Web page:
A 6-PART FINANCIAL WELLNESS SERIES
Traveling is as much about the ability to pursue dreams as it is about boarding passes and bucket lists. At Griots Republic, we understand that building a secure financial base is only one aspect of ensuring that we reach those dreams. Stay tuned and please leave comments or questions for our 6 part financial wellness series.
Under our last article about estate planning, a crucial tool in preparing your finances and your family for the inevitable is life insurance. What is life insurance? Simply put, it is a policy you can purchase that your family can use to cover funeral costs, mortgage payments, college tuition, debt and other expenses after you’re gone. Sounds simple enough, right? Well, there are some options to consider, and in this article, we will explain the details and debunk some misconceptions.
There are two different types of life insurance: Term & Whole (also called Permanent Insurance). The easiest way to think about these is in the names themselves.
With Term Life insurance, the benefit will only be paid if you meet your demise prematurely or within the predetermined length of time of the policy. Most policies are granted with 10, 20, or 30-year terms. If you think about it, the working class (us non-rich folks) mainly work from 21 years of age until 66 (45 years on average). At the same time, we pay into social security, and a 401k or Individual Retirement Account (IRA) to provide us with income after retirement. So, like any other insurance, you are protecting your assets and your family’s wealth in case you die before you are no longer in the workforce. But if this does happen, the policyholder will pay the agreed amount to your designated beneficiary (which should be your living revocable trust, remember?)
Term Life insurance has low monthly premiums and is pretty easy to setup. According to NerdWallet.com, when shopping for Term Life insurance you should:
- Choose a term that coincides with the years you’ll be paying the bills and want life insurance coverage in case you die early.
- Buy an amount your family would need if you were no longer there to provide for them. The payout could replace your income and help your family pay for services you perform now, such as child care.
Ideally, your family’s need for life insurance will end around the time the term expires: The presumption is that your kids will be on their own, you’ll have paid off your house, and you’ll have plenty of money in savings to serve as a financial safety net.
What is Whole Life insurance?
Think about it this way: You will be paying for this your WHOLE LIFE! Although this form of Life Insurance provides lifelong (permanent) coverage, the premiums are usually significantly higher. Whole Life also provides a cash value (separate from the benefit amount) that you can invest in different funds so it can grow. Since you are paying so much in premiums, it becomes another investment option like an IRA, Heath Savings Account (HSA), or Money Market account. The difference is that the benefits of those accounts are used in life where the benefit of this is in death. (Also, all of these accounts should have the Pay on Death benefit paid to your Living Revocable Trust.)
Now, you can borrow money against a Whole Life policy at any time for cash. But if you do you will reduce your death benefit and if you surrender the policy, you’ll no longer have coverage. Depending on the one you choose, some whole life policies can also earn annual dividends, a portion of the insurer’s financial surplus. You can take the dividends in cash, leave them on deposit to earn interest or use them to decrease your premium, repay policy loans or buy additional coverage. Dividends are not guaranteed, you should ask if the policy pays dividends when setting it up.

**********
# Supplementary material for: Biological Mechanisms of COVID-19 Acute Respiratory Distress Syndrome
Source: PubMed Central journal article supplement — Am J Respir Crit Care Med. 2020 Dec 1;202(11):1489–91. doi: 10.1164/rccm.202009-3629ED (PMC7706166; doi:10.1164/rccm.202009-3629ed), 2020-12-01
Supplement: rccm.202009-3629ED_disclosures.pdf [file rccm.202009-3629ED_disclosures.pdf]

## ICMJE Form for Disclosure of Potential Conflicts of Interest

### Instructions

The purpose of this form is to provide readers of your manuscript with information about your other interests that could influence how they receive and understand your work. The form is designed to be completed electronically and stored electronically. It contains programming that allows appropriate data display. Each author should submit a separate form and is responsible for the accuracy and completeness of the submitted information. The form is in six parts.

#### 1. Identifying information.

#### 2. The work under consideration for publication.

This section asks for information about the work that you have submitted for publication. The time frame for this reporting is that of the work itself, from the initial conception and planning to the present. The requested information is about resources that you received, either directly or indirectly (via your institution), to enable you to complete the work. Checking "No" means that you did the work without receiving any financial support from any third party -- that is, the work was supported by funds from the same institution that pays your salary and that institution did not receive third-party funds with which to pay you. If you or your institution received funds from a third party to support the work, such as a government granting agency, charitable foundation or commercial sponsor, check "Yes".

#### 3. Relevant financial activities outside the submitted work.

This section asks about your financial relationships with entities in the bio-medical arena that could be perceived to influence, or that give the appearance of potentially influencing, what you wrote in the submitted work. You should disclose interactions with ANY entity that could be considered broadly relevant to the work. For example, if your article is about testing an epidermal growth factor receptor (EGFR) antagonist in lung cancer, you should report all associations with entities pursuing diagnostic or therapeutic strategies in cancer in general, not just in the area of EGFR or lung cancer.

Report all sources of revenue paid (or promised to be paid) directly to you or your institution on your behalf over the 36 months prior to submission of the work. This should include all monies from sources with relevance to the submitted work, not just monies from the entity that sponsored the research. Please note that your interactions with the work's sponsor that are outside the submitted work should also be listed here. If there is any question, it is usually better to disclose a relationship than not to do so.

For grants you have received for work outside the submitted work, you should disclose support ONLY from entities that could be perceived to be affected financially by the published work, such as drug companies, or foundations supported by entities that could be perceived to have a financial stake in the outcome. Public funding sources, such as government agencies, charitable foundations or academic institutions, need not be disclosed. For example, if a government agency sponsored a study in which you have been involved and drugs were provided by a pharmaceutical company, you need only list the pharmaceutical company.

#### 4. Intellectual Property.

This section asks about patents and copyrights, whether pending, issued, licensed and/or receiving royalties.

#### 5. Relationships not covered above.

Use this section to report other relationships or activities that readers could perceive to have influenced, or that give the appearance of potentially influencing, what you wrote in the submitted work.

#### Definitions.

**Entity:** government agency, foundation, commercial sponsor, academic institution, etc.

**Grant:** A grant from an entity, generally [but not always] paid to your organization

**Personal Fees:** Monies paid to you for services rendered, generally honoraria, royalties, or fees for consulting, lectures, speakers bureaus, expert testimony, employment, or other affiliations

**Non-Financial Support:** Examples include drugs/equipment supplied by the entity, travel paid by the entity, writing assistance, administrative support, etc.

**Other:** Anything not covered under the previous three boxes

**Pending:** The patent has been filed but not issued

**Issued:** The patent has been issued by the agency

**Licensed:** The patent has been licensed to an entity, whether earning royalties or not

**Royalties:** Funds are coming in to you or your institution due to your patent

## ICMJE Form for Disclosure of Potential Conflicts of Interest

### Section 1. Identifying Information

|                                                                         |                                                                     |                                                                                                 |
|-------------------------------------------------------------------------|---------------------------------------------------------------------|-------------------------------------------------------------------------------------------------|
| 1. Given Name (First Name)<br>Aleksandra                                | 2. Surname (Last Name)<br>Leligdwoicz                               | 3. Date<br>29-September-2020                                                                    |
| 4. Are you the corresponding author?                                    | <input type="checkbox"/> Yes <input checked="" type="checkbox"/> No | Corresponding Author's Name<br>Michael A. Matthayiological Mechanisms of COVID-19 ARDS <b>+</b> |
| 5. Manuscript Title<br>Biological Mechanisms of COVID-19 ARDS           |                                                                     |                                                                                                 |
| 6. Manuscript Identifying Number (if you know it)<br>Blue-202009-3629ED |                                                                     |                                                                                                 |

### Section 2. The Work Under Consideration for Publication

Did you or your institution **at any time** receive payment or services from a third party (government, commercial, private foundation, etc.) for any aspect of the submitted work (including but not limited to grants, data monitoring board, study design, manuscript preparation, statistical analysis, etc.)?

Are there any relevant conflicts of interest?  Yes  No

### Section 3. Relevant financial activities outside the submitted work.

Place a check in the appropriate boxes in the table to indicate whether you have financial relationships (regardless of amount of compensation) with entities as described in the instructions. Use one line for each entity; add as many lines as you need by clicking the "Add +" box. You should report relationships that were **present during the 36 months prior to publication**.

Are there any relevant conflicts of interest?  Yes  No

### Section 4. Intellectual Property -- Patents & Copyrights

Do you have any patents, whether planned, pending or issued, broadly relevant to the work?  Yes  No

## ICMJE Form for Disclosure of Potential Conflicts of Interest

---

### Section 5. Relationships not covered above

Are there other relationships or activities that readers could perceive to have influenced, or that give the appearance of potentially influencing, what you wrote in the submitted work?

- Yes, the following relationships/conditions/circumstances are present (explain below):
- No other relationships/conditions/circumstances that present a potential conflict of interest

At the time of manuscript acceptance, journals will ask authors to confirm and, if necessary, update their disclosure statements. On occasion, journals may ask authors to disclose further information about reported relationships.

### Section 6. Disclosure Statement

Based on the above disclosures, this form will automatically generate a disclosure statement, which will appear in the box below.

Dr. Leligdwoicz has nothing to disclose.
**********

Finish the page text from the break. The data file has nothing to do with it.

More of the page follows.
According to ThinkAdvisor.com, most Americans don’t have enough life insurance, and many don’t have any at all. The most common reason given is that they have competing financial priorities. 44 percent of U.S. households had individual life insurance as of 2010 — a 50-year low. In 1960, 72 percent of Americans owned individual life insurance. In 1992, 55 percent owned it. 70 percent of U.S. households with children under 18 would have trouble meeting everyday living expenses within a few months if a primary wage earner were to die today. 4 in 10 households with children under 18 say they would immediately have trouble meeting everyday living expenses.
I know that some of you may be thinking: I am single, and I don’t have any children, do I need life insurance? The answer is: Sometimes. According to a 2011 survey from USAA Life Insurance, the number of single people buying life insurance increased 10 percent compared to a year earlier. Part of the increase in life insurance purchases can be attributed to the economic recovery following the most recent recession. Buying insurance when you are young and healthy is more affordable (cheaper) than when you get older. There are also now more single households than married households, and people stay single longer. Single people are more likely to experience major life events, which often lead to the purchase of life insurance, including having children and buying a home. There’s one more factor, too: Single people are often responsible for parents or grandparents, and they might want to make sure those dependents will still be cared for should anything happen.
There are many factors to consider when looking at your overall financial wellness and estate planning. Whichever type of Life Insurance you choose to go with, rest assured in knowing that having some is better than having none at all. You will be protecting your spouse, children, and family’s (or any future dependents) wealth and helping to decrease the overall wealth gap in the country.